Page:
Rats feel empathy for other rats, unless they’re on antidepressants

A 2011 study found that when a free rat came in contact with a rat trapped in a container, the free rat was empathically motivated to release the distressed rat from its cell. But a new study, published in Frontiers in Psychology, noted that a rat put in a similar scenario but given an anti-anxiety medication, was less likely to free its trapped peer.

Both studies were led in part by Peggy Mason, professor of neurobiology from the University of Chicago. In the most recent study, Mason discovered that rats given the antidepressant midazolam were less likely to free a fellow rat from a locked compartment, but would, however, open the same restrainer device when it contained chocolate instead. The drug dampened a test rat’s emotional connection with a distressed peer, but did not limit its physical ability to open the container if it so chose to.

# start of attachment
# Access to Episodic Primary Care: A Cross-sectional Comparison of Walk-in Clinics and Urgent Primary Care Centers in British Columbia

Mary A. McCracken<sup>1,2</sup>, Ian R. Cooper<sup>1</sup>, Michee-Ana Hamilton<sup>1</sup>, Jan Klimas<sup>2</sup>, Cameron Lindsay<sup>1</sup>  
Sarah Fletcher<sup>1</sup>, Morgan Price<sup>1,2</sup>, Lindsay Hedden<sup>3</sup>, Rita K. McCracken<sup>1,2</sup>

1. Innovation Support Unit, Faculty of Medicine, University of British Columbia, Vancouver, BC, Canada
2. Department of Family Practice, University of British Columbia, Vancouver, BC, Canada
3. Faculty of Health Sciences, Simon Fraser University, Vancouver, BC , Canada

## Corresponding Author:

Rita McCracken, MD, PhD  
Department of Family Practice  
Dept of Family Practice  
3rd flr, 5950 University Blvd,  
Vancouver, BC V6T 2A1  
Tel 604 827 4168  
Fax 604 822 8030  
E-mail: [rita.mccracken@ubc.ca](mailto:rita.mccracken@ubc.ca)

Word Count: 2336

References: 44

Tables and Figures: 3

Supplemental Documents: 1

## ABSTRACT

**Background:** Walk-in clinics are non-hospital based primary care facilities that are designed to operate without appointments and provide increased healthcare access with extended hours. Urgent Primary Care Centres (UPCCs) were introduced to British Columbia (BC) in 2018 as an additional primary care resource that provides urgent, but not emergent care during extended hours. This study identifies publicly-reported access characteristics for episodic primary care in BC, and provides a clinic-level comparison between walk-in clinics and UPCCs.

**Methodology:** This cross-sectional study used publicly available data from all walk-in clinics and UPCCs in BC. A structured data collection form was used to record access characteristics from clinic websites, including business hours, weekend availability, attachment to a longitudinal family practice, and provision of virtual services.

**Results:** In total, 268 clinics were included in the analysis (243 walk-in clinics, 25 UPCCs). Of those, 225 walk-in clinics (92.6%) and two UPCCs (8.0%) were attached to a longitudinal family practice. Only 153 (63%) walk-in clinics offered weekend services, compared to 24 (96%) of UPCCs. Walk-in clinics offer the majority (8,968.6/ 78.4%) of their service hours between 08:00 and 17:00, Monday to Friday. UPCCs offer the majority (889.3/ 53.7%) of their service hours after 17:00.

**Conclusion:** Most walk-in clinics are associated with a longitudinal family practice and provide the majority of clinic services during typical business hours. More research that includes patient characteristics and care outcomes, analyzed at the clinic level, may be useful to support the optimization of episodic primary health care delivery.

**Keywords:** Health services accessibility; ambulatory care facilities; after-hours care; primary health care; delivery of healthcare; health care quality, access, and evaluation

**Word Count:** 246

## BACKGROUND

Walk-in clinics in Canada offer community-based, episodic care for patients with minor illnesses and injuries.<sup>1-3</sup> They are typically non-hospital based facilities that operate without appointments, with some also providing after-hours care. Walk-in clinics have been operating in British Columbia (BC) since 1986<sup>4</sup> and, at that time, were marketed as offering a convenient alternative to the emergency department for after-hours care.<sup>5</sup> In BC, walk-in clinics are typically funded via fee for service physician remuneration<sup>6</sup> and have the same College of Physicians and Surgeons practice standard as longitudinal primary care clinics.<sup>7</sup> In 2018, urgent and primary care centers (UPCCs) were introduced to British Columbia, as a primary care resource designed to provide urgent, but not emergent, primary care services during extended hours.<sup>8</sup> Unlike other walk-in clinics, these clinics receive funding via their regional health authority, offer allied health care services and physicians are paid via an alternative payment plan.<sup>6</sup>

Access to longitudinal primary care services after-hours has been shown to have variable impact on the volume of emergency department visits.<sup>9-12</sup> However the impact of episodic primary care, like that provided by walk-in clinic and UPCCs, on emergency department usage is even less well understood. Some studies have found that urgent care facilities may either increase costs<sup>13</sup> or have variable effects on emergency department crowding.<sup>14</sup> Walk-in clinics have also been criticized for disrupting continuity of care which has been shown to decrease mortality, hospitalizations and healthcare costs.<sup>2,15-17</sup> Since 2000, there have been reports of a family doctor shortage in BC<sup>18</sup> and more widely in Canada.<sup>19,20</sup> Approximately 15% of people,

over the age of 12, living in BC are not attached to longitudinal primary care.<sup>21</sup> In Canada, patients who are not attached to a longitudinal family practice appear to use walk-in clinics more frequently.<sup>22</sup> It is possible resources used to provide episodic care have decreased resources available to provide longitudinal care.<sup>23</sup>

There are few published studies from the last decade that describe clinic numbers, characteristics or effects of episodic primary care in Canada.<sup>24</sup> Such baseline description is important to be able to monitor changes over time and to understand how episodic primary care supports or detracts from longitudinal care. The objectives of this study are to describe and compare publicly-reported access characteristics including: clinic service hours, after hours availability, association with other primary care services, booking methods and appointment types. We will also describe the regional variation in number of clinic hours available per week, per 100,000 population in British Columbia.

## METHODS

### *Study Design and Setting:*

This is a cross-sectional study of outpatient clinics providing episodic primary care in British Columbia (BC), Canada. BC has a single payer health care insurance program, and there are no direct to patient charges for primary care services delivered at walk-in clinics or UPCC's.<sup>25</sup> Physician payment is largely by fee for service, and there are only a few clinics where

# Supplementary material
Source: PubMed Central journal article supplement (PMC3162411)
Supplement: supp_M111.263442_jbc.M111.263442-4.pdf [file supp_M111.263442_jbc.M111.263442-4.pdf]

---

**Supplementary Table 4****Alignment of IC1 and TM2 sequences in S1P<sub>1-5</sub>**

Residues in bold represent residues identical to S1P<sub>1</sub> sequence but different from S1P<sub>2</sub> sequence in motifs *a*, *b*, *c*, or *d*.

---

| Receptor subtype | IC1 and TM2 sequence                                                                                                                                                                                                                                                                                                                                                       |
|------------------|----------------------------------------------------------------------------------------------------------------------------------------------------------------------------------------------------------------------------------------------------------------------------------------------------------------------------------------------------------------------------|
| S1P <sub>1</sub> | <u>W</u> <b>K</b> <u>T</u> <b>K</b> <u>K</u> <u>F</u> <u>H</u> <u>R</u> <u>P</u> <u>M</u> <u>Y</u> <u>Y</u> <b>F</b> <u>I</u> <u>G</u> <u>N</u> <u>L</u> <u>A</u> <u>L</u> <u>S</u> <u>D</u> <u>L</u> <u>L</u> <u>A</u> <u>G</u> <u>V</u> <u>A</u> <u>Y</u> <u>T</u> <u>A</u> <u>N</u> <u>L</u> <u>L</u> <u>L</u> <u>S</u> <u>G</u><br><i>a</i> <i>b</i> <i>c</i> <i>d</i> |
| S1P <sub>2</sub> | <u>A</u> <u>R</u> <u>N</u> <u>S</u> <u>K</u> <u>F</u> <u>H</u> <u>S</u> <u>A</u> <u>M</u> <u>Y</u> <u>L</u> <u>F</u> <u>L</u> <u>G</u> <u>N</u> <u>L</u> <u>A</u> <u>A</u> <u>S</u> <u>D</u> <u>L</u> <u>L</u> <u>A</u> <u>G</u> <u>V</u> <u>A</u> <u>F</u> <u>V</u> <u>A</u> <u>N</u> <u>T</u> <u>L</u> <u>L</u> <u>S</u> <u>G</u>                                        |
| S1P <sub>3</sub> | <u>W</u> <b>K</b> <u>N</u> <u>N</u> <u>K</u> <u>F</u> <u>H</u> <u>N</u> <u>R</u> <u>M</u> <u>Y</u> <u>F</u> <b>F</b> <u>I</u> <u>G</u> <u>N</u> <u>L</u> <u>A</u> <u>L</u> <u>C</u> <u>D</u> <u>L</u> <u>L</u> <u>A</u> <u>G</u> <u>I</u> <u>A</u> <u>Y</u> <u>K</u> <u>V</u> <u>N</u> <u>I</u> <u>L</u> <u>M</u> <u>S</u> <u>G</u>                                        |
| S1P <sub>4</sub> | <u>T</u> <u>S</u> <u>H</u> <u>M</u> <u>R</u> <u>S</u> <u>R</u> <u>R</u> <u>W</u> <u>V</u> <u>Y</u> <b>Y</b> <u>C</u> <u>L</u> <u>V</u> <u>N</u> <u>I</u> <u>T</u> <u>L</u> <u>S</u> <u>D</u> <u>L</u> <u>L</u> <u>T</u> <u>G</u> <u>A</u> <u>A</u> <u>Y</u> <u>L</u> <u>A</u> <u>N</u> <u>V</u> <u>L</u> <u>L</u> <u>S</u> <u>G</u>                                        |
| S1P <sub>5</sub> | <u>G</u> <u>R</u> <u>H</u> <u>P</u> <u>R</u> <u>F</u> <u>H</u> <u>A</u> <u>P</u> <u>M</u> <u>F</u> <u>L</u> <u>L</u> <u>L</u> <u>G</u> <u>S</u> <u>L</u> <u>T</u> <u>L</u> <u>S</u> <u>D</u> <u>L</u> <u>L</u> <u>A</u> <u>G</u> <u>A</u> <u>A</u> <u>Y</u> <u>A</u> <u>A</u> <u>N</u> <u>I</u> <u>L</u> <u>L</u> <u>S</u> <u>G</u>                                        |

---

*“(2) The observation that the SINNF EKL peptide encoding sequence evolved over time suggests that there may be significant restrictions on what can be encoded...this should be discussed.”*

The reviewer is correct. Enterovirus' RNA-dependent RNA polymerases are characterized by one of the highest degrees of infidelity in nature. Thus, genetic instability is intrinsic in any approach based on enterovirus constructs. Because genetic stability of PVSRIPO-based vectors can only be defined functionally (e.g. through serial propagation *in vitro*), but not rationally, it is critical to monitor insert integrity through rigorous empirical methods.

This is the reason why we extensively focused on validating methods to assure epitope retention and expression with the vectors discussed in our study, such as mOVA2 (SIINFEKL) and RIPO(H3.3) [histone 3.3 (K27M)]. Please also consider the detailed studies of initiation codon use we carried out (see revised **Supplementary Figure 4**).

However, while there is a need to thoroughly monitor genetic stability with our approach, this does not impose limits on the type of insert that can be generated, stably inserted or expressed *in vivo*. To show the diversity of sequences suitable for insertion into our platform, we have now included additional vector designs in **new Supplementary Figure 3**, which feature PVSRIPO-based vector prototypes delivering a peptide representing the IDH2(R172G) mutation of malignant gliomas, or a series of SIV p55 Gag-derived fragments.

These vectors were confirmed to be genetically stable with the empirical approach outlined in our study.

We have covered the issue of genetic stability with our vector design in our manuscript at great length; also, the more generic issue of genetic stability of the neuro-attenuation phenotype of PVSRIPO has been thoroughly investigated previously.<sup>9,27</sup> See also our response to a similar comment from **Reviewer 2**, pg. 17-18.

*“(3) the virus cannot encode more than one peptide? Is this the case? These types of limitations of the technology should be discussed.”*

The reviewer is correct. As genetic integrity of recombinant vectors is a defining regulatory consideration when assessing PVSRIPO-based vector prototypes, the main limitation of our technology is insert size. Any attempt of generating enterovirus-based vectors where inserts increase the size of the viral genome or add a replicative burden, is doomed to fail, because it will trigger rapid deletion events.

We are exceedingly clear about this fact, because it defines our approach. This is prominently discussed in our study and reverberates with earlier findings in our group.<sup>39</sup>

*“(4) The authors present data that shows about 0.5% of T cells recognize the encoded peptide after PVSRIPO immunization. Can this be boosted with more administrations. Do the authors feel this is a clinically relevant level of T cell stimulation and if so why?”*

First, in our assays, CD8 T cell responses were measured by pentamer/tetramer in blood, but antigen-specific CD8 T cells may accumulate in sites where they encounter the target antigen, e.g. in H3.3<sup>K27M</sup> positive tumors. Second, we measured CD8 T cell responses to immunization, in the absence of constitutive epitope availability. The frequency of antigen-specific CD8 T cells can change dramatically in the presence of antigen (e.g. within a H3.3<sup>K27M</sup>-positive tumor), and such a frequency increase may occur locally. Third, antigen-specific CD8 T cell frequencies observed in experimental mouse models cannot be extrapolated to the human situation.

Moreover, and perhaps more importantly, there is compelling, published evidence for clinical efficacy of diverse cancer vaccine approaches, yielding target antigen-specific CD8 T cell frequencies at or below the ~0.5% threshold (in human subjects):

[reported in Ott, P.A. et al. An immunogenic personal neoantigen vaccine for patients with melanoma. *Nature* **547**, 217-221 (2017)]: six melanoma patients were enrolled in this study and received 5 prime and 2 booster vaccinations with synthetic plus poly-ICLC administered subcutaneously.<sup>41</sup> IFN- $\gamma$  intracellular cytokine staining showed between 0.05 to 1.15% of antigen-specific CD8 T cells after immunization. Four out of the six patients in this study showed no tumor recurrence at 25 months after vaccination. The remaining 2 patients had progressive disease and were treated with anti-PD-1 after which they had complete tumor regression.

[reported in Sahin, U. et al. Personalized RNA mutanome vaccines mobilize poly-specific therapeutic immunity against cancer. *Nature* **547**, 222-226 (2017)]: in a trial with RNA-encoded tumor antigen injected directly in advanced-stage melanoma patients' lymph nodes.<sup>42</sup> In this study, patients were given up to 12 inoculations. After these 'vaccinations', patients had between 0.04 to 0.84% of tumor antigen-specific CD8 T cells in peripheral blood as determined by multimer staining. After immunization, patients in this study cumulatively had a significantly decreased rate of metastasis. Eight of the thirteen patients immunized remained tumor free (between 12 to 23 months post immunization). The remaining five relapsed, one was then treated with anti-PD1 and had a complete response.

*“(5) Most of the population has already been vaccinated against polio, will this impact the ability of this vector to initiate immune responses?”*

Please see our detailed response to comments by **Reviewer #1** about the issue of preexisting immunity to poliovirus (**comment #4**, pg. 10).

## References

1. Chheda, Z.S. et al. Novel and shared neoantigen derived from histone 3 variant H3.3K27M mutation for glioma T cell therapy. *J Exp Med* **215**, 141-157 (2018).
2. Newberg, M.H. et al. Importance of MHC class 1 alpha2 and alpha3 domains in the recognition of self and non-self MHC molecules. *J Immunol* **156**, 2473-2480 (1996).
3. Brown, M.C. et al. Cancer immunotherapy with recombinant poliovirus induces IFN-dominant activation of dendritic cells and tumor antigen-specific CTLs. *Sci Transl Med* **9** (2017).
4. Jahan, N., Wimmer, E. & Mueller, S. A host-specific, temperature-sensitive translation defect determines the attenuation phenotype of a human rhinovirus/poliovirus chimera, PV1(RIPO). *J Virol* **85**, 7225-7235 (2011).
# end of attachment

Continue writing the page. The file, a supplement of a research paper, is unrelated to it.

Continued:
Basically, the free rat acted like an self-centered, cocoa-fueled jerkwad. 


By Chris Plante